It's not your parents' workplace anymore - nor their dress code. Gone are the stuffy three-piece suits and conservative skirt sets of times past, replaced with a canvas of khaki on which a world of individuality is expressed, as if to say, "Trust me: I'm casual." In some corporations and industries, it's Casual Friday every day of the week. Yet even with today's relaxed standards, it's still not a good idea to show up for work in torn shorts and a baggy tee shirt. Especially if you deal directly with customers, the way you express yourself to the world is far more important than the true you - at least while you're on the job. With a little thought and creativity, you can bring the two into harmony with positive professional results.
Evaluate your workplace
Whatever shall you wear to work? Before you can answer, look around you in the office - as early as the interview stage. What's the company style? How does dress relate to the nature of the work? What are people wearing these days to make design presentations? automobiles? closing arguments? pizzas? Get ready to dress the part - in this year's style.
Look to your coworkers for direction, and take your lead from the top, as the catch phrase "dress for the job you want" still applies.
"There's a gray area," said human resources professional Lena Bottos of Salary.com. "If your boss breaks a few dress code rules, then it's okay to adjust your wardrobe choices. Just don't be the first one in the office to break the style barrier."
Also, think about who visits your office when deciding how to dress. Is your space open to visitors, or is it strictly down-and-dirty? Are the visitors from inside the company or outside? What impression do you want to leave on them? And don't forget company executives - top brass might not appreciate the deep cultural symbolism of your latest music concert acquisition.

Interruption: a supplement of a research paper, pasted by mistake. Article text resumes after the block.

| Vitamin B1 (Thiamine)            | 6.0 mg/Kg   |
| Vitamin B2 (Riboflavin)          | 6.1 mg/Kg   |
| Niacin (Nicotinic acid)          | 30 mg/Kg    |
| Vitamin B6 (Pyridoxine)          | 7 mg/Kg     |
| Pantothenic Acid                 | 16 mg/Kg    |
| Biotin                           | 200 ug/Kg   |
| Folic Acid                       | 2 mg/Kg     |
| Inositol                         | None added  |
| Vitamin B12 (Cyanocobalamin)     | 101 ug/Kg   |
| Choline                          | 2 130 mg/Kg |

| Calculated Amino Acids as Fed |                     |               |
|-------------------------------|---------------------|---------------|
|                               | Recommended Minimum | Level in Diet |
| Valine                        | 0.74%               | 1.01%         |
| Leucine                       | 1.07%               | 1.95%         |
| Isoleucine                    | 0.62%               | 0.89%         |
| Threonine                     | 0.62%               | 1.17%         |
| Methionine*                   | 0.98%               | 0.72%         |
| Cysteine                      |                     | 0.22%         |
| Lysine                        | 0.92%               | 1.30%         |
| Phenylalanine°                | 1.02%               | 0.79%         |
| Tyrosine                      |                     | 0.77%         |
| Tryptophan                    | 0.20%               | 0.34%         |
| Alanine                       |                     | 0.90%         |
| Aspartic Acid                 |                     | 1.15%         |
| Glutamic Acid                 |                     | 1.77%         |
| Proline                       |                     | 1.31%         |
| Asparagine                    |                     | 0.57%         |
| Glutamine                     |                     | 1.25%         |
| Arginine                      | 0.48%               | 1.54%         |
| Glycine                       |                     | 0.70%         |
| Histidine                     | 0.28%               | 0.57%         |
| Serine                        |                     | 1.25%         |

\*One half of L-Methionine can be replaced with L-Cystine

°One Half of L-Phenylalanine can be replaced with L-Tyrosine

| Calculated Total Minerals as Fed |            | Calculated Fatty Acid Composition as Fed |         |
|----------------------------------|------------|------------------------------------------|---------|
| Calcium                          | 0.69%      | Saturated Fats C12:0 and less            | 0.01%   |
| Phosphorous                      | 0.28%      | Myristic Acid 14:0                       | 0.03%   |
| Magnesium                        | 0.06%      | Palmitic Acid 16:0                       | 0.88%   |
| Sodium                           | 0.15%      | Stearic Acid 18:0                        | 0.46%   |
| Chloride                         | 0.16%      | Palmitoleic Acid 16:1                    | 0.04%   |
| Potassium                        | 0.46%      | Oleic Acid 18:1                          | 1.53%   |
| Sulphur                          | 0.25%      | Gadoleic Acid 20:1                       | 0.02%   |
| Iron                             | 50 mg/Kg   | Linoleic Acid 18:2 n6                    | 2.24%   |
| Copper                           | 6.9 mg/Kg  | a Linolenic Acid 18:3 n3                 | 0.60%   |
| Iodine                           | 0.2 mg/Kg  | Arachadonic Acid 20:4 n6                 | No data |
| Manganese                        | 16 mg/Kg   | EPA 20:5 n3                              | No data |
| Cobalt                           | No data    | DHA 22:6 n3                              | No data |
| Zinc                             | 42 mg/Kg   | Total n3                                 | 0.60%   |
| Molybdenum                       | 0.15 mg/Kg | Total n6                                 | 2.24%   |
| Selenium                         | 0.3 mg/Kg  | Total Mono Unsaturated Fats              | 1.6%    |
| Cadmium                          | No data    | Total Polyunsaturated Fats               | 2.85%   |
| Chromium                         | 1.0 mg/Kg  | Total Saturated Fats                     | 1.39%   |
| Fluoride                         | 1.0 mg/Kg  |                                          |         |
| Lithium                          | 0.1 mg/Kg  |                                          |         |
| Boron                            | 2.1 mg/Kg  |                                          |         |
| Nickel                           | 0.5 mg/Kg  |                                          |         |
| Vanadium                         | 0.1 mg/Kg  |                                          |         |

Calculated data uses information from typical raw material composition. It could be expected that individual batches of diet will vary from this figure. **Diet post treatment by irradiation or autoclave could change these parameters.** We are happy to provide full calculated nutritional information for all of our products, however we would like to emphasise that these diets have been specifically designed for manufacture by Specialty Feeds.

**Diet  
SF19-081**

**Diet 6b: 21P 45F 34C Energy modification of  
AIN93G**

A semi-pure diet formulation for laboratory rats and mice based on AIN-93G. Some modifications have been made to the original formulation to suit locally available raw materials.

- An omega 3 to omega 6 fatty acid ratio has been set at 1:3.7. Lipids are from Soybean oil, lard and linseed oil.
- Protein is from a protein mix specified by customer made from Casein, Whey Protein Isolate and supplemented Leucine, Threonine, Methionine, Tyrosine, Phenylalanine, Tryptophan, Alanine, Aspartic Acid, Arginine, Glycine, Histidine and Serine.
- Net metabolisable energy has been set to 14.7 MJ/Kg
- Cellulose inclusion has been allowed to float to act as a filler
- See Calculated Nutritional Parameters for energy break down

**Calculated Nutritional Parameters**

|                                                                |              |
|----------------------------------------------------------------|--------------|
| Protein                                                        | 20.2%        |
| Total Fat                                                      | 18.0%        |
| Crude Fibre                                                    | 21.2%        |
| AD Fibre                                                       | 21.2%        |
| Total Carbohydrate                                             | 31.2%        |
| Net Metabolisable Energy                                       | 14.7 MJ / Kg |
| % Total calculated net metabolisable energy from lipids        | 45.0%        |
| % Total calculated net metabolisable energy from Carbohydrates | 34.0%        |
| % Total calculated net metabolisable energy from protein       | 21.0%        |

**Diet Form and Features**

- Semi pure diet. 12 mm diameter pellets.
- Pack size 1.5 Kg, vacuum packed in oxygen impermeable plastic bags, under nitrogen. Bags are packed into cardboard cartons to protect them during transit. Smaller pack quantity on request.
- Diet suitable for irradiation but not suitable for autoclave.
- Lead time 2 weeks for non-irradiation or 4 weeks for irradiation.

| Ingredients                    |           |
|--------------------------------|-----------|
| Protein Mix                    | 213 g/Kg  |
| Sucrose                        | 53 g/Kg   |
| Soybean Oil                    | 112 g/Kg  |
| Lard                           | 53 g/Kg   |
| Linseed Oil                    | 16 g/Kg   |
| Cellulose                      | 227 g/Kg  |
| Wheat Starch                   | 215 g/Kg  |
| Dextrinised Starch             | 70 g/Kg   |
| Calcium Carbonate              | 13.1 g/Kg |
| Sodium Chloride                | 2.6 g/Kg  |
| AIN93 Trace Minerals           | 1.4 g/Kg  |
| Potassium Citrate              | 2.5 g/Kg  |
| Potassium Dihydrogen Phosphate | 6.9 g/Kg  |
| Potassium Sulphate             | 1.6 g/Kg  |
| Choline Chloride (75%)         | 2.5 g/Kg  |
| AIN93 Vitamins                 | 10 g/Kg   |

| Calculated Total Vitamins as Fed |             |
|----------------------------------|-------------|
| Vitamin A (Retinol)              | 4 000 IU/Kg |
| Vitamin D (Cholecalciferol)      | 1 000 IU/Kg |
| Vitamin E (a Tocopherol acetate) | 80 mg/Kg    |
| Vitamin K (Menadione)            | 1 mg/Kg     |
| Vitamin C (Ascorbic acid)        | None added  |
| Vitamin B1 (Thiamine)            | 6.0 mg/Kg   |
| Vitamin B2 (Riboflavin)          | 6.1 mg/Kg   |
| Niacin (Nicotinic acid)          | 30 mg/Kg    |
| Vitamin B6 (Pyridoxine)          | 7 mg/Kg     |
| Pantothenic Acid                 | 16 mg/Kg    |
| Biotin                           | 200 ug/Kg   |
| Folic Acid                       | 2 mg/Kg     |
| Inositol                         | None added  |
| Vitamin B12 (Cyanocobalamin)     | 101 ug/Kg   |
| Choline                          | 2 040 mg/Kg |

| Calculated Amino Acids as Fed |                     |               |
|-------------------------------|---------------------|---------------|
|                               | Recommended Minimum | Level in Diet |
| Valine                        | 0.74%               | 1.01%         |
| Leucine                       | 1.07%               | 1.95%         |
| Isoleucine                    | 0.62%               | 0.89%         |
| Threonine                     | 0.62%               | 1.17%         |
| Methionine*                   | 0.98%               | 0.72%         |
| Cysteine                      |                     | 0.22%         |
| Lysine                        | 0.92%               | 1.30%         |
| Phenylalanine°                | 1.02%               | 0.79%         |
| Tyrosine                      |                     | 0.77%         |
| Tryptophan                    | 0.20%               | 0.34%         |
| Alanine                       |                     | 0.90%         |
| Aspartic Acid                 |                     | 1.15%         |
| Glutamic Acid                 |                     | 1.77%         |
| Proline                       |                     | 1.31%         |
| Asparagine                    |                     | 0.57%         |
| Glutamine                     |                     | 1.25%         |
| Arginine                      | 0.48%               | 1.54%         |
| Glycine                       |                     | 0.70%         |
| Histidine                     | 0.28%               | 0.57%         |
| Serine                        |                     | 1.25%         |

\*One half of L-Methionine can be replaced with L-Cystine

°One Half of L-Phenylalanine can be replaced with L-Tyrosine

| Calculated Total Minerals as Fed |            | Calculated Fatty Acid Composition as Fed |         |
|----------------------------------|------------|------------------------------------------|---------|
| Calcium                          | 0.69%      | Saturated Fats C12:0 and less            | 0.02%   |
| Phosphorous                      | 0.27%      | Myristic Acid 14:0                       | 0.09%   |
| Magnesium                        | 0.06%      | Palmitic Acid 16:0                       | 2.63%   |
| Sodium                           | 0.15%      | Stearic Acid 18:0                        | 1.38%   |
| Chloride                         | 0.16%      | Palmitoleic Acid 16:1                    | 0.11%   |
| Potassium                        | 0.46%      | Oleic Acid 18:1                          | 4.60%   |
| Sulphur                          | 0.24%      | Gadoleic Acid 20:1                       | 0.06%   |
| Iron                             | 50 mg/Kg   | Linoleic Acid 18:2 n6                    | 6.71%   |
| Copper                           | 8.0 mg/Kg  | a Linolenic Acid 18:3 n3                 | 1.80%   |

Some people keep a business suit or the equivalent in their office or workspace in case guests arrive on short notice. Are you ready for a television crew to arrive and film you for the news?
The do's and don'ts are changing
Etiquette books tend to take a conservative approach to the office. Emily Post, for example, swears that "business casual" doesn't exist, while Amy Vanderbilt prefers women not to wear pants to the office. Workplace style in the 1990s was liberated from the structured 1980s, and improvements in synthetic fabrics have given designers new materials from which to create casual clothing that appears professional. During the Internet boom, the startup culture of the West Coast brought business casual to an art form.
So, is it "anything goes" today? As in the past, your appearance on the job is a mirror that reflects your personal style in the context of the office culture and the nature of your job. What you wear continues to say a lot about your work. So think about your company, your teammates, clients, management, and your position when reaching into your closet, and you'll always come out a winner.
Resources and related reading
Letitia Baldridge - Amy Vanderbilt's Complete Book of Etiquette
Clinton T. Greenleaf III - Attention to Detail: A Gentleman's Guide to Professional Appearance and Conduct
Judith Martin - Miss Manners Guide for the Turn of the Millennium
Peggy Post - Emily Post's Etiquette
Peggy Post and Peter Post - The Etiquette Advantage in Business